Citizen Kane (1941), or Once In A Lifetime

30 12 2009

So here we are. You know, when I thought about starting this Cinematronica thing a while back, I always knew I would have to review Citizen Kane. It is the most wonderful of all American films, to me, and although that may come as a sort of surprise from a 23 year old, and perhaps I might come off as somwhat pretentious for choosing something so obvious, it’s a film I take very close to my heart. For me, Citizen Kane is a crucial story for the American cinematic mindset; it is both blockbuster and daring independent film, a debut from a young upstart who had his own ideas as to how films would be made; a child of studio expectations and fiercely personal individual goals that ends up being freater than the sum of its parts. It tells a story that touches me to my very core, a story of loss, ambition, greed, and that most human desire to be loved and truly understood. There is something here that truly lays hands on perfection, a considerable skill, a very noticeable ambition, and a love of cinema that transforms this film from merely a film to a work of art, and an exceptional one at that.

We follow the story of Charles Foster Kane, a man who grew from humble origins to eventually amass a wealth that most people could not ever imagine. We begin at the end of his life, when a group of reporters gather together to find clues on the enigmatic man’s life, loves, and mysterious last word, “Rosebud.” The reporters interview many of Kane’s close friends and acquaintances, and discover a man who had an indomitable spirit but a terrible hunger for power that would both found a massive newspaper empire and simultaneously demolish his aspirations for anything else. But even with all the people in his life explaining who he is, they soon find Kane to have an unspoken quotient to him, something unexplainable to him that keep them from understanding him fully. Will they discover the mystery of “Rosebud”? Does it help to explain the life of a man who was larger than life but so much smaller than his own desire?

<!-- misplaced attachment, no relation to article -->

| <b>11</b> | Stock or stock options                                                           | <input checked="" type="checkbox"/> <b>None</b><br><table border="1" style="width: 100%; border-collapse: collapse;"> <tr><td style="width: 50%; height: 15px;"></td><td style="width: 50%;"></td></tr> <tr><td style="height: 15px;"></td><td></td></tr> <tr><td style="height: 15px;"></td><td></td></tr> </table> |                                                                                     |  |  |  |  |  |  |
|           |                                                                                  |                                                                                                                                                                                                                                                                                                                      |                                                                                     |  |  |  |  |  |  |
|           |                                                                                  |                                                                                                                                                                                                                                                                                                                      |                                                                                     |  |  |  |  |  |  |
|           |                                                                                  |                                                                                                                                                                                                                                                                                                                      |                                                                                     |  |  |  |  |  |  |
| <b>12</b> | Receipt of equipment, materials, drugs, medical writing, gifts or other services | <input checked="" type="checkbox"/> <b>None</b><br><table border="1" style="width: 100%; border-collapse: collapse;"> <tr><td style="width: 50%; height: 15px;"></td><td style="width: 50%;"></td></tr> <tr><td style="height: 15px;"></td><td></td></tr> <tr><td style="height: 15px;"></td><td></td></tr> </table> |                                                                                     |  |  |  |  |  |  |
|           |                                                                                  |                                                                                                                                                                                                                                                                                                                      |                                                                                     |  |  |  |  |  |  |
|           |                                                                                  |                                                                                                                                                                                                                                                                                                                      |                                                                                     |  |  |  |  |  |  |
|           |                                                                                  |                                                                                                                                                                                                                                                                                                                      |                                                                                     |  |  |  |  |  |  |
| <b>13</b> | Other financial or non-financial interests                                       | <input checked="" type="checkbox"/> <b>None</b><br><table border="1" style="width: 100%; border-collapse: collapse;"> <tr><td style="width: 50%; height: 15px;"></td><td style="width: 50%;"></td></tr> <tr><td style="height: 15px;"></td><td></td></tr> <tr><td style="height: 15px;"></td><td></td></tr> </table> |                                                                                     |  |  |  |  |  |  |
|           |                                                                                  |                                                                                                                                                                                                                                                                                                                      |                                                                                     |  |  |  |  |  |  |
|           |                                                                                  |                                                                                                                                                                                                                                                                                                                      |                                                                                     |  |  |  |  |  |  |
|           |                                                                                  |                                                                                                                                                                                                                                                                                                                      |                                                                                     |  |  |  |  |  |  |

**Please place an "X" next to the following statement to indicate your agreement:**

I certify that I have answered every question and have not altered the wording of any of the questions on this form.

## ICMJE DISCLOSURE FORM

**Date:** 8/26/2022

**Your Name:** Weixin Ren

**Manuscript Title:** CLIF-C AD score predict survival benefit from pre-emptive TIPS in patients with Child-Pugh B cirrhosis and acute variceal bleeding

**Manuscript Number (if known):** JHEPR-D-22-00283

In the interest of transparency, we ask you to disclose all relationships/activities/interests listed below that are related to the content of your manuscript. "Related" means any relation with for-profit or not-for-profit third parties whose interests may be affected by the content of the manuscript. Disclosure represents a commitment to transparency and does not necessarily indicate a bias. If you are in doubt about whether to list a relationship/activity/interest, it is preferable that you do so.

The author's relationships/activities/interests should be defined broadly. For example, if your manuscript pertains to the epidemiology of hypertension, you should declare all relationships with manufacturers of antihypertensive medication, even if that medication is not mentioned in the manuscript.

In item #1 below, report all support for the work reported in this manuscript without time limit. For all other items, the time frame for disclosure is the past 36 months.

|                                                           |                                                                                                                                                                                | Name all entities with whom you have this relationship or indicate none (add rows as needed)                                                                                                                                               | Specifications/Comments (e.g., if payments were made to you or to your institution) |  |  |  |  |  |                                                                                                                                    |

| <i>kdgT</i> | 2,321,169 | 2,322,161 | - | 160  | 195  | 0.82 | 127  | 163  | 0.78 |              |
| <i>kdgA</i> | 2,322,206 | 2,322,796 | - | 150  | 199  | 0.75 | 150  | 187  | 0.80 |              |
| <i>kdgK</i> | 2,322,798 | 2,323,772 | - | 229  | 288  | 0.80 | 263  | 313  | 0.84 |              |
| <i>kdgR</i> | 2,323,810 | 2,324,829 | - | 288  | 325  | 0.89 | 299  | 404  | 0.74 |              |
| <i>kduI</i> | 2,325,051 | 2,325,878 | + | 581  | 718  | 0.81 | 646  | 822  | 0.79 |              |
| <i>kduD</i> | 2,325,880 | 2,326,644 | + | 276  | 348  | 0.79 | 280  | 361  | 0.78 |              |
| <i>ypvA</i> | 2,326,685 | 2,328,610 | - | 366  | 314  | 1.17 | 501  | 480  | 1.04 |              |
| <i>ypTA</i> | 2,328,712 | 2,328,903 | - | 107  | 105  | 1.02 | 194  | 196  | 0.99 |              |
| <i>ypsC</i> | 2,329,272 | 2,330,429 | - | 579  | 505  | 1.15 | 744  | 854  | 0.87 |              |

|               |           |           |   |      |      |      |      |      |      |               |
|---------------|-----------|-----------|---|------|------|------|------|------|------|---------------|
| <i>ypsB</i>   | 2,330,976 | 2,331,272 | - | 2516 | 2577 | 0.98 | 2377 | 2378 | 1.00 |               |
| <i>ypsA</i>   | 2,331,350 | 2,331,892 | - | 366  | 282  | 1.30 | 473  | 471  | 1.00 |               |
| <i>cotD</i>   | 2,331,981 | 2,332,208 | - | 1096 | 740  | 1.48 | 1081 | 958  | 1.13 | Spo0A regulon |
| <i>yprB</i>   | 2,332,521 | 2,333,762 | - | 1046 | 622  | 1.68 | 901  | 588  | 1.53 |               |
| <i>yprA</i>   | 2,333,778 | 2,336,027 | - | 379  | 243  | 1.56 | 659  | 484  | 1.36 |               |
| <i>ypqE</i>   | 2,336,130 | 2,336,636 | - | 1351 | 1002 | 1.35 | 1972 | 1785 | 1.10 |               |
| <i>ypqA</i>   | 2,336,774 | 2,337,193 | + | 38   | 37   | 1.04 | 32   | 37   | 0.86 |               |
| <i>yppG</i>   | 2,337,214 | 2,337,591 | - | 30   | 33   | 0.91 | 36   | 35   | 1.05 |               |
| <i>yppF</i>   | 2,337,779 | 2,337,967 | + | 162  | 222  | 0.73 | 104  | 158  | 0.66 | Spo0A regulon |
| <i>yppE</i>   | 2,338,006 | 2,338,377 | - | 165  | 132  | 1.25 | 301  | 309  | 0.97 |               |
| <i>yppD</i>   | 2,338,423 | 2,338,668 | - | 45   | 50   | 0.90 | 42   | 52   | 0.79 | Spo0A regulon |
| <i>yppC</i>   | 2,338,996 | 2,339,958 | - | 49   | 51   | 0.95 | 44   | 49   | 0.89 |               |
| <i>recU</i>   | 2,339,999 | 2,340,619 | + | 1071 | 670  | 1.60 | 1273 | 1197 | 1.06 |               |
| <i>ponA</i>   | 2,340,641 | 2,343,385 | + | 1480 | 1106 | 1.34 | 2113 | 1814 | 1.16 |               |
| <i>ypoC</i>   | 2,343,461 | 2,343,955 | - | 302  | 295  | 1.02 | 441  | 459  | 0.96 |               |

Citizen Kane is, in some ways, a treatise on the state of America in modern times. In other ways, there are definite links to Kane and legendary news tycoon William Randolph Hearst that echo throughout the film. And in other ways, one could also link, eerily, I might add, the tragic downturn of Orson Welles himself after his failure in Hollywood. Citizen Kane has the power to twist and turn its meaning through the years; it is a character study without peers, astute and wise, that seems to mean different things to different people. For me, it leaves a very individualized print on my heart that would take another essay just to explain, and I’m sure the meaning and the emotional power is found elsewhere for others. It is a film whose true value cannot be honestly appraised, and whose very meaning is neatly encased by the end of the picture but still loftier than one can begin to express before the credits are over.